The Human Development Report, first launched by UNDP thirty years ago, marked a turning point in how we think about and measure “development.” Until the 1990 HDR, the idea of “development” had largely been synonymous with “economic growth.” In this way, policies to promote development had focused primarily on the market and the achievement of development was measured in monetary terms using indicators such as GDP. This narrow view of “development,” however, failed to take into account the many ways in which market-led growth failed to translate into well-being for people—how it failed to grant them the freedom to live a life that they have reason to value.
Building on the principles of Amartya Sen’s capabilities approach, the 1990 HDR under the direction of Mahbub ul Haq set out a more expansive and people-centered view of “development.” The report opened by asserting that development “is about more than GNP growth, more than income and wealth and more than producing commodities and accumulating capital. A person's access to income may be one of the choices, but it is not the sum total of human endeavour. Human development is a process of enlarging people's choices.” At the same time that these changes in the way we think about development were taking place, changes in the way we measure its progress were also taking place. The 1990 HDR (and its subsequent reports) have been critical in moving the focus of measurement of beyond income to also include other dimensions of welfare.
The 1990 HDR was the first major milestone in moving empirically in this direction with its creation of the Human Development Index (HDI). The HDI was an effort to move beyond income to also consider dimensions of health and education—and has become a global reference for measuring progress in development. While the HDI remains far from a perfect measure—it indisputably pushed the debate in a new direction. As Amartya Sen reflected in a recent Future of Development Dialogue, “Emmanuel Kant, the philosopher, once said that ‘we can’t begin to understand the world unless we argue about it.’ And that argument had not gone on sufficiently for the GDP—and HDI was one way of introducing that argument.”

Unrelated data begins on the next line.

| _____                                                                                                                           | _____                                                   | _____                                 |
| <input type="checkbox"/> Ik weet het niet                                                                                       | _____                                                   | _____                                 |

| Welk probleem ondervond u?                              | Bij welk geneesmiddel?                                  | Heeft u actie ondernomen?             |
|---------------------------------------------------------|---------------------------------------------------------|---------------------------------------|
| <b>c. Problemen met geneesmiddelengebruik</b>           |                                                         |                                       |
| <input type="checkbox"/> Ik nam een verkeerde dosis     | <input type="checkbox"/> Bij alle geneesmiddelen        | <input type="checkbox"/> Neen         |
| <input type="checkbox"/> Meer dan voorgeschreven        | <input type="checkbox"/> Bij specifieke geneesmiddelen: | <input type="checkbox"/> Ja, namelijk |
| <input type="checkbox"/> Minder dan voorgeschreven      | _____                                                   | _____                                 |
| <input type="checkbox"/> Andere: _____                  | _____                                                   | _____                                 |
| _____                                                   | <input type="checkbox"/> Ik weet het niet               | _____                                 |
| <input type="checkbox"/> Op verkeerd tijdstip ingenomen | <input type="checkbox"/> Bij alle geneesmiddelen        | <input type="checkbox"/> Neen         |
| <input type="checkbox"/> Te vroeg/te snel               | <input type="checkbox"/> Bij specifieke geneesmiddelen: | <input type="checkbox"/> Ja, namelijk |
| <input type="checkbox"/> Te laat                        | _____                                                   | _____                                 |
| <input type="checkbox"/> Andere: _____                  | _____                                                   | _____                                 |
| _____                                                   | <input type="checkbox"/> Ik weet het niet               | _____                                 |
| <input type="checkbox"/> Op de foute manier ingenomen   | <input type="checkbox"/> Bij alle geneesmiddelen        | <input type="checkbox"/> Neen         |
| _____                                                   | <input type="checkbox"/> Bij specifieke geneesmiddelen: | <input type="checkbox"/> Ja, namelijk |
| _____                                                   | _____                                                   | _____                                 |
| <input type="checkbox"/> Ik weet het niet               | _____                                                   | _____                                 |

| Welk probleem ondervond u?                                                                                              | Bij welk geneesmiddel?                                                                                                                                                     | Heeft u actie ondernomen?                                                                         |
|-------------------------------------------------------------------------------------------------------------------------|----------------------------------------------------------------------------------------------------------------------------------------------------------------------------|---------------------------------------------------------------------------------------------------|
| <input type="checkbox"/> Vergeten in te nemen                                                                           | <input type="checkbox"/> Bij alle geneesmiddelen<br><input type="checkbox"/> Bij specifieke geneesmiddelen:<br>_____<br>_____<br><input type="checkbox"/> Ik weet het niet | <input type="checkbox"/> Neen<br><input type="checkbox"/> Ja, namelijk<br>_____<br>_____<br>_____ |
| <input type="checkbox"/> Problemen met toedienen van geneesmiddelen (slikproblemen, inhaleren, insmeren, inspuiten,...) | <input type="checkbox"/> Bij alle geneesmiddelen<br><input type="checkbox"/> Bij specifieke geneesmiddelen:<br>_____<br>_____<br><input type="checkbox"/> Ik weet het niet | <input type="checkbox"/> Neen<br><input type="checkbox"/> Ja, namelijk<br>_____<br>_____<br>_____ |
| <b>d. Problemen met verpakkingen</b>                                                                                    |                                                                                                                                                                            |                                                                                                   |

As the development dialogue continued to shift, subsequent human development reports created other multi-dimensional human development indices to take into account other key issues such as gender, inequality, and poverty. In particular, the creation of the multidimensional poverty index (MPI) represented another major milestone. The MPI measures multiple deprivations at the household level in health, education and standard of living—and was quite revolutionary when it was first published in 2010 by UNDP (in collaboration with OPHI). As with the HDI, the MPI reflected a call to reconceptualize the measurement of poverty to recognize that while income is a necessary condition, it is by no means a sufficient approximation of social well-being. While originally received with trepidation from the development community, 10 years later we can be proud that the thinking of development actors has converged towards a multidimensional conceptualization of poverty.
The need to think about development in a more complex way and the need to measure it by taking all of these dimensions into account converged over time—and was ultimately consolidated in the 2030 Agenda. From the perspective of the capabilities approach, we can see the signing of the 2030 Agenda as giving political legitimacy to the notion that there is a basic capability set that should be available for all citizens at the global scale. We can think about being free of poverty, well nourished, educated, politically active and living in an environment that is healthy, as essential functioning’s that should be available to all, regardless of who they are or where they live. Arguably then, the 2030 Agenda can be interpreted as the political consolidation of the Human Development approach which was first institutionalized in UNDP with the 1990 Human Development Report.
Thirty years later, the Human Development Report Office is still pushing the frontiers of development thinking—challenging existing paradigms and inviting us to advance both the way we think about and the way we measure development. The 2020 Human Development Report on Human Development and the Anthropocene seeks to unpack the implications of our new geologic era in this regard. As UNDP Director Achim Steiner recently questioned, “Is a human development report really still contemporary and adequate if it cannot capture the place that people and their development choices occupy in the larger context of the planet?” In celebration of the release of the 2020 HDR (register here to join the live launch event on December 15), this #GraphForThought looks back at thirty years of human development reports and reflects on progress in the LAC region.